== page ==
The Cambodia population census: leaving no one behind

A census collector travels by oxcart en route to the remote village of Koh Nhiek in Mondulkiri province for the 1998 census. AFP
A census collector travels by oxcart en route to the remote village of Koh Nhiek in Mondulkiri province for the 1998 census. AFP

The Cambodia population census: leaving no one behind

Cambodia will be conducting its third comprehensive and inclusive population census in March 2018. For any country, the population census is the first source of information that provides facts about the size of the population, the different age groups, the geographic distribution, the ethnical minorities and the social and economic characteristics of the people.

The acquired population data form a basis of evidence that is available to government, development partners, public and private sectors for purposes of decision-making, planning and measuring progress in a variety of development areas related to the lives of the people of Cambodia.

The 2018 Cambodia population census will provide the largest data collection ever to be used in all aspects of the development planning in Cambodia. The first census was conducted in 1998 after a major civil strife and instability in the country that resulted in a major change in the population of Cambodia.

At that time we needed to know exactly how many people still remained in the country, because we could no longer rely on guessed population projections. The previous 2008 Cambodian population census formed the basis for today’s national planning frameworks, the design of the socioeconomic surveys, the demographic and health household studies and the recent agricultural census.

Cambodia ranked in the top five countries for achievement of the Millennium Development Goals and was able to show verifiable progress because of the availability of reliable data on the impact of development programs on the people. In view of the national commitment to the Sustainable Development Goals, the time is right to update our national database on the population of Cambodia.

A population census is more than just counting people. For instance, through a population census, a country can also gather more information about people’s housing conditions, their demographic changes, their social status and characteristics, their migration in the country or across the borders, the mortality at different ages, the ageing, the fertility, the number of children per household, etc.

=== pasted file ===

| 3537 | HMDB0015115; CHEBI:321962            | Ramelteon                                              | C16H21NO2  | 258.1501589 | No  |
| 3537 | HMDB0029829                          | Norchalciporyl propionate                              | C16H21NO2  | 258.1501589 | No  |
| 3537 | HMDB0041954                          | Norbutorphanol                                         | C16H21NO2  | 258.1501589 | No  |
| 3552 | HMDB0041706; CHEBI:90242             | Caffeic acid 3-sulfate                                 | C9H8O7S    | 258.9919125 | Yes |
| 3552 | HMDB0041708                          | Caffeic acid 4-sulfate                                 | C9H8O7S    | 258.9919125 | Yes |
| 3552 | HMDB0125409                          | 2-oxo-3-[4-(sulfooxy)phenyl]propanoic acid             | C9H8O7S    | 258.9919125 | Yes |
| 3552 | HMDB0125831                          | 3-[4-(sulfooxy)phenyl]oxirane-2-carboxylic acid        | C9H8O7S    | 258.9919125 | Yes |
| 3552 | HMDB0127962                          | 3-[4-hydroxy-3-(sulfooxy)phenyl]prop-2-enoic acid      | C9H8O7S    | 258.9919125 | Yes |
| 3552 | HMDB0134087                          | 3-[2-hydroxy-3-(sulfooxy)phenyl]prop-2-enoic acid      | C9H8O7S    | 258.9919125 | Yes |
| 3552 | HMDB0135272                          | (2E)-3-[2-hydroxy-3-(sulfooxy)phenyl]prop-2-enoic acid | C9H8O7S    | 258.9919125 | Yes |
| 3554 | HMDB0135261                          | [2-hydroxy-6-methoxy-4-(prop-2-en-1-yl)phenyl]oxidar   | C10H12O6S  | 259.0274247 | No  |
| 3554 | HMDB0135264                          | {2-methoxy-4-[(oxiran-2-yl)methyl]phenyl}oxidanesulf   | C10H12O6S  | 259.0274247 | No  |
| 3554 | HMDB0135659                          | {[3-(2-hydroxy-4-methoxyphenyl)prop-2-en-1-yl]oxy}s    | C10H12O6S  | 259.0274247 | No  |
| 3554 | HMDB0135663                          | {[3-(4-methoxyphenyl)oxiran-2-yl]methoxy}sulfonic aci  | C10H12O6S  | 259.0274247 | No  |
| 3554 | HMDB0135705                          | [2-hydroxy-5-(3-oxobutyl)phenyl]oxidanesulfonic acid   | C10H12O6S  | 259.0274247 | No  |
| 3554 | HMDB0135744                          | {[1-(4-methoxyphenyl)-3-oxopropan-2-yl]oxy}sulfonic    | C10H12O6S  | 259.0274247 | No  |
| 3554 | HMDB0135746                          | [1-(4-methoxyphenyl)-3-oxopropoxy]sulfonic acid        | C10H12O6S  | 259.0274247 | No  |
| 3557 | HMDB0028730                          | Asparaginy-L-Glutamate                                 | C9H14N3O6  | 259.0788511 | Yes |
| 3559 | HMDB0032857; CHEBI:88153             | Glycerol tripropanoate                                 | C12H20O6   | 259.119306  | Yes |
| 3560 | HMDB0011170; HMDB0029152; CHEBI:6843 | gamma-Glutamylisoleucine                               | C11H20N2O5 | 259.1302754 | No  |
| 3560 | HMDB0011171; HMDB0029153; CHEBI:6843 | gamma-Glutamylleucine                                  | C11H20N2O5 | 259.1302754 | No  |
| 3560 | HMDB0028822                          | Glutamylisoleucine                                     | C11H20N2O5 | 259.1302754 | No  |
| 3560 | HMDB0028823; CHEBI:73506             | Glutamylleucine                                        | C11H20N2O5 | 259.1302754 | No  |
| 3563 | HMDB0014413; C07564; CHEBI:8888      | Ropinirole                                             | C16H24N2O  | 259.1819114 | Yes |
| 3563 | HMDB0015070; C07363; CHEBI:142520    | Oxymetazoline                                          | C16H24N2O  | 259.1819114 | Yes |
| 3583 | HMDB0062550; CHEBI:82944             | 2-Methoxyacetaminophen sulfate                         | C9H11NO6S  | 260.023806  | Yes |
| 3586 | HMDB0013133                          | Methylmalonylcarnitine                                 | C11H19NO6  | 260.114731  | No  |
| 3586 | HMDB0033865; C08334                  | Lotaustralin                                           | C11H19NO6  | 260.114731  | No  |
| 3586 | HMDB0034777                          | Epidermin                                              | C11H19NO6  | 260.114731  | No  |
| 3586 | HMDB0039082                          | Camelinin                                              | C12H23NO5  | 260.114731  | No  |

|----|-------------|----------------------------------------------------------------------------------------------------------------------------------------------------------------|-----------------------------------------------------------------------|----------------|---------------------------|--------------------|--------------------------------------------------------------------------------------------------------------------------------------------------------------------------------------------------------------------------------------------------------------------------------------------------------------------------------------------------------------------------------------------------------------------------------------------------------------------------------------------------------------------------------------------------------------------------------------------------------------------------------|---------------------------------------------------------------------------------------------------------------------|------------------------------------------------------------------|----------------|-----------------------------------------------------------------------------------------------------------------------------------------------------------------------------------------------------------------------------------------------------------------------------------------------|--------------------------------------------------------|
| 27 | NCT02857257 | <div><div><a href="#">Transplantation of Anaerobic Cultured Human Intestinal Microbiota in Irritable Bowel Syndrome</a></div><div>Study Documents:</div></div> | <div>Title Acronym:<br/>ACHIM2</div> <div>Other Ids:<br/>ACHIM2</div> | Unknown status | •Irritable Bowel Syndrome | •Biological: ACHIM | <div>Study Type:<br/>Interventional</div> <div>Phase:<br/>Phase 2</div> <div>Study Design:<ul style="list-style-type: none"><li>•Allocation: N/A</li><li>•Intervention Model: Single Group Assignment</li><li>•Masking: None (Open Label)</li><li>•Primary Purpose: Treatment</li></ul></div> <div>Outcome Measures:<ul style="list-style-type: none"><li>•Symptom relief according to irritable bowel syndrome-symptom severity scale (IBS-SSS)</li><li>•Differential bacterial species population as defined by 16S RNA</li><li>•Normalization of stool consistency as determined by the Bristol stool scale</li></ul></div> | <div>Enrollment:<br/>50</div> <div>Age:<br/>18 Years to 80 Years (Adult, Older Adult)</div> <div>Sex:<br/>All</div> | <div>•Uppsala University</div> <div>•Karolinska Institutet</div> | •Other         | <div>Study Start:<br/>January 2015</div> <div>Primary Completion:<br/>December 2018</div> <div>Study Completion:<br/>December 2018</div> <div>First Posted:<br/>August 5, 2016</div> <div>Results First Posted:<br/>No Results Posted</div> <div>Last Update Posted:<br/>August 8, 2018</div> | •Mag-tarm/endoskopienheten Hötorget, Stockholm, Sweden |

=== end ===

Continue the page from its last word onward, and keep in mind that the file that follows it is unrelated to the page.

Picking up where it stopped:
The 2018 population census will build a valuable database for the coming decade, a database that leaves no one behind. The design and analysis will be inclusive, and provide more in-depth and dependable data on disability, migration, environment, ethnic minorities and land ownership than has ever been done before in the country. In addition, we will have more reliable data on the gender distribution, the important role of women at village level, and the role women play in heading the household and managing the families.

The national resource allocation and the decentralisation require exact figures on the number of people and where they are living, planners also require population data for measuring the equity in the distribution of those resources. The data are collected every 10 years and play a particularly important role in national planning, public administration, national budgeting and economic forecasts.

Population data are part of the design of electoral constituencies and are therefore essential in an overall democratisation process. Overall, the effectiveness of social protection mechanisms, equal access to education, the health equity funds, the pro-poor ID, the set-up of the National Social Security Fund, for example, can only be efficiently funded if we have reliable demographic data.

The actual census that is planned for March 2018 requires a number of preliminary steps to be completed. We are still in the preparatory phase and will soon start to test the questionnaires at the field level. The United Nations Population Fund (UNFPA) will provide the technical assistance to the Ministry of Planning throughout the planning, the implementation and further analysis of the data. Today’s handover of a vehicle to the Ministry of Planning marks the start of the field testing of the questionnaires.

A census is the largest and most elaborate data collection activity that a government can undertake. The total budget required to realise the census is $11.8 million. Without compromising on the quality of the data, costs have been reduced through a well-designed census questionnaire and the introduction of newer technologies in the data processing.

The recruitment of enumerators and census supervisors will be done using to a great extend the staff who were engaged in the 2008 population census. This brings the average cost to less than a dollar per person. In comparison, the cost of the Myanmar census was over $5 per person and in Canada and the US more than $22 per person.

What is very promising is that the Cambodian government is committed to cover 25 per cent of the total cost from the national budget. While over the past months there has been substantial progress in the technical preparation, we still require a larger partnership to realise the 2018 population census in Cambodia.

Dr Derveeuw Marc GL is the Cambodian representative for the United Nations Populations Fund.

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